Dutch beer maker, Heineken is making waves for its latest, highly controversial ad.

In the video, a barman is seen sliding a Heineken beer past three black people before stopping in front of a lighter-skinned woman and a glass of white wine, when the slogan reads “Sometimes, lighter is better”.

Trevor Noah featured the ad on a segment of the Daily Show and spoke about how perhaps ad companies are now just making racist ads because the only time we really get to see commercials now (PVR and video-on-demand or internet TV is on the rise) is when they’re in the news for being controversial. 

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But Trevor’s not the only one who thinks the beer company might be up to something. Chance the Rapper tweeted his distaste at the ad also speculating that it was made this way intentionally.   

Does all press is good press analogy work here, perhaps? 

We remember all of those brands that have offended, like you’ll always remember that Dove clear skin ad or the H&M monkey sweatshirt picture.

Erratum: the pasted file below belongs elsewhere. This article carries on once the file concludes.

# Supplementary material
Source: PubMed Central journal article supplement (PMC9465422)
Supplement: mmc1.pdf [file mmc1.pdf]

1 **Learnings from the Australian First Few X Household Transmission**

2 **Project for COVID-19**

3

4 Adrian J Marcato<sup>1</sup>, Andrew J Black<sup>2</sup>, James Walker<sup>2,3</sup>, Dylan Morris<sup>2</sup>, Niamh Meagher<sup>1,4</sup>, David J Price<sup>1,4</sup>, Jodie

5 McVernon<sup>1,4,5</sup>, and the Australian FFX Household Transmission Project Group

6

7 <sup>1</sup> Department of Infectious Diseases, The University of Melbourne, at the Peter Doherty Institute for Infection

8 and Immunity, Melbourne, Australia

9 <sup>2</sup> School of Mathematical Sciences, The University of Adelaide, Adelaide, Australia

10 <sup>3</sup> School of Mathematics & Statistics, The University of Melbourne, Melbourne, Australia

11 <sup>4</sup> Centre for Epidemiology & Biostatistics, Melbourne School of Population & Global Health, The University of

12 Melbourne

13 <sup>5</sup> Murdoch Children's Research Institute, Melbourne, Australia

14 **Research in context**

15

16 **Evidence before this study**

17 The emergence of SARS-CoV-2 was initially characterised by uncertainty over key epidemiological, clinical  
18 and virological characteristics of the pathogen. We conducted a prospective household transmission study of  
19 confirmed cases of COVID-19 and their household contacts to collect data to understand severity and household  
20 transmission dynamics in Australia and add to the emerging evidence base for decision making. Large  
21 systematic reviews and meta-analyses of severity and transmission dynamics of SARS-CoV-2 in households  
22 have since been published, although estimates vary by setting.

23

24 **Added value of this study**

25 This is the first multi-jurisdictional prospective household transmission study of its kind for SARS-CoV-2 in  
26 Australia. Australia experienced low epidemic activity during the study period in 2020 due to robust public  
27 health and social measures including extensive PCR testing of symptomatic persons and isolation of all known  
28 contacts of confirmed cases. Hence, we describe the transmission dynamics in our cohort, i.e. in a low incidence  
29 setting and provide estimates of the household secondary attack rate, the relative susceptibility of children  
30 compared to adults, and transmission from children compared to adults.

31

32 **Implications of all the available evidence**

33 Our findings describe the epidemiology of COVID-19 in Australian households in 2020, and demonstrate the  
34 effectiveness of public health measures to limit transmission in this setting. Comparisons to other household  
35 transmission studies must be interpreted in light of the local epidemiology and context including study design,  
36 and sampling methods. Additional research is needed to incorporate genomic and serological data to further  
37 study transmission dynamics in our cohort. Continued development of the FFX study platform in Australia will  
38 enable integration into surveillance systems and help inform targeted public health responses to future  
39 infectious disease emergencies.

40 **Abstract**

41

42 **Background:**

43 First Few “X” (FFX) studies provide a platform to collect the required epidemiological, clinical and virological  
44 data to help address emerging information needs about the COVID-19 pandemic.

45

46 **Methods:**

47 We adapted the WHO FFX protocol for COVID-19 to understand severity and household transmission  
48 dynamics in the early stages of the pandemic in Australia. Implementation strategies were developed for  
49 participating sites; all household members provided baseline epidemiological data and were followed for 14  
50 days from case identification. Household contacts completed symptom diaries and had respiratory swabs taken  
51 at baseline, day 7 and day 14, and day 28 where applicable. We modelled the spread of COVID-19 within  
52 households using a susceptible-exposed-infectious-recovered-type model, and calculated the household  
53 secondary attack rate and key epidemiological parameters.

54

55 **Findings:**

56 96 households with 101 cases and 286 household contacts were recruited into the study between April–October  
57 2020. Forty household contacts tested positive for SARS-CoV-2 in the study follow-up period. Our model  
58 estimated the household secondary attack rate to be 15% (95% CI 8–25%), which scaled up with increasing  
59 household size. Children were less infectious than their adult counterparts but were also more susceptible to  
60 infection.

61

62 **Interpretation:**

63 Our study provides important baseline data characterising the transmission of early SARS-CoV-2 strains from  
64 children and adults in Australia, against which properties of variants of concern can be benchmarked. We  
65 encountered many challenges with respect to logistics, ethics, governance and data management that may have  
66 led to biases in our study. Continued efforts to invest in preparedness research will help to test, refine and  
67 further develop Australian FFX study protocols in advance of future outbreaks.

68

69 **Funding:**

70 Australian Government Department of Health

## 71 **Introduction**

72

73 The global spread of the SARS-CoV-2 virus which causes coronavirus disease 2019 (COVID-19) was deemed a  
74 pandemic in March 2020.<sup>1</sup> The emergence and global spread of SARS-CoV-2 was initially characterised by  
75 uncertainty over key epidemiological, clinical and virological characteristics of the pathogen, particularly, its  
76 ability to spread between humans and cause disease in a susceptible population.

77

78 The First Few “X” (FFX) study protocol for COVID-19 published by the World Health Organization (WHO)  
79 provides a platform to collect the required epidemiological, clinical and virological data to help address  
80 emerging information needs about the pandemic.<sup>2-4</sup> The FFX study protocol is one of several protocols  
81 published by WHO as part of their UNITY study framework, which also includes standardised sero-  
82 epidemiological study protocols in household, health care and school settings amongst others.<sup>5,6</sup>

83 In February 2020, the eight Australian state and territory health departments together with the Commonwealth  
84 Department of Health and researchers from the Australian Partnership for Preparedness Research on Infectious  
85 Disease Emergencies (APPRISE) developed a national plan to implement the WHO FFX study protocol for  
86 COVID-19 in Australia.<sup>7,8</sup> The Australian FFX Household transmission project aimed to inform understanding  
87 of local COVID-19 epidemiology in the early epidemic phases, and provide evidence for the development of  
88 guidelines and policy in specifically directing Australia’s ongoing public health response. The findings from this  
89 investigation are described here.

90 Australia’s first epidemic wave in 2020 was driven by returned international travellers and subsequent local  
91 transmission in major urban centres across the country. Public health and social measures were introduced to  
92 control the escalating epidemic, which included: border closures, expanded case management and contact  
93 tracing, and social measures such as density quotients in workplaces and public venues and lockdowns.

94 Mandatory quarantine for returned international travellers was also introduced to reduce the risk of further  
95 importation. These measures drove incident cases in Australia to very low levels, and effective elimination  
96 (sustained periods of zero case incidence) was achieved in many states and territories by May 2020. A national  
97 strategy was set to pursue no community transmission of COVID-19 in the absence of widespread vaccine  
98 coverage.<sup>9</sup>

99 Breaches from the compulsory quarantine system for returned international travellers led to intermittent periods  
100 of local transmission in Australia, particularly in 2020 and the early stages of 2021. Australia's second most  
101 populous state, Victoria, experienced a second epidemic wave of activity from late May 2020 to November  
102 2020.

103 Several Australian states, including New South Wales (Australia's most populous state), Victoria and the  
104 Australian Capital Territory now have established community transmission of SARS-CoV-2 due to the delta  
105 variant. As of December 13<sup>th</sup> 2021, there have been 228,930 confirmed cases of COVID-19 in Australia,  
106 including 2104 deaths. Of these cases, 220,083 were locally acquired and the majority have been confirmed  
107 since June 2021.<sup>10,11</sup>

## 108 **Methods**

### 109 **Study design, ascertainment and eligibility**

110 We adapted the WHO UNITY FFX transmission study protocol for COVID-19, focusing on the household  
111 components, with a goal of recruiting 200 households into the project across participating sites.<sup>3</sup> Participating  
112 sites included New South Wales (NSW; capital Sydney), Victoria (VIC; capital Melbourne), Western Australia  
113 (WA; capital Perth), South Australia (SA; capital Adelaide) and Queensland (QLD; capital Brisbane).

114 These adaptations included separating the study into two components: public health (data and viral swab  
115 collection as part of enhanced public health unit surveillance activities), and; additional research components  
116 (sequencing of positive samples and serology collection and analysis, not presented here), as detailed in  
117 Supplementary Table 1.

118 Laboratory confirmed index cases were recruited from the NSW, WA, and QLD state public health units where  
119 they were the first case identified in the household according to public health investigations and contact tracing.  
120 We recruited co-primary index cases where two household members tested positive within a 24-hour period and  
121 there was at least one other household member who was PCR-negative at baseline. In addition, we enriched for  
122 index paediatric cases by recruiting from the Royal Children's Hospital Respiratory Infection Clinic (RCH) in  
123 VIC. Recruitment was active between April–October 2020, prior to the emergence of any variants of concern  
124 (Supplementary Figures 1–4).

But in the end very few of us ever really boycott them. We hold them to account on Twitter, but how about IRL? 

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It might be for something bad, but brand awareness is still brand awareness at the end of the day. You still know that the brand exists and might be curious about their products. So in the end the brand itself still wins. 

In a previous article on W24 we featured a poll asking our readers “Have you ever really boycotted brands after they've done something you didn't agree with?” 29% said not really.

So are we quick to forgive brands who do stupid things for publicity? Do we forget their transgressions? And we simply move on to the next thing and continue shopping their products because it’s easier to ignore the issue than it is to take a stand and say that you will not be associated with a brand that uses racism or any other kind of controversy to sell their products?

In an article for the BBC, Paul MacKenzie-Cummins, managing director of Clearly PR Marketing and Communications says it seems like a lot of brands really are trying their level best to get attention any way they can: “They're clever people, those who work in ad agencies. They're very skilled and have huge budgets and are under increasing pressure to raise the profile of their client's brand.

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"It's an ultra-competitive market and the retail space has never been as competitive as what it is now. They need to do something to get their voices seen and heard.”

Paul goes on to say that this might eventually damage the brand’s reputation, but for now it seems to be working.

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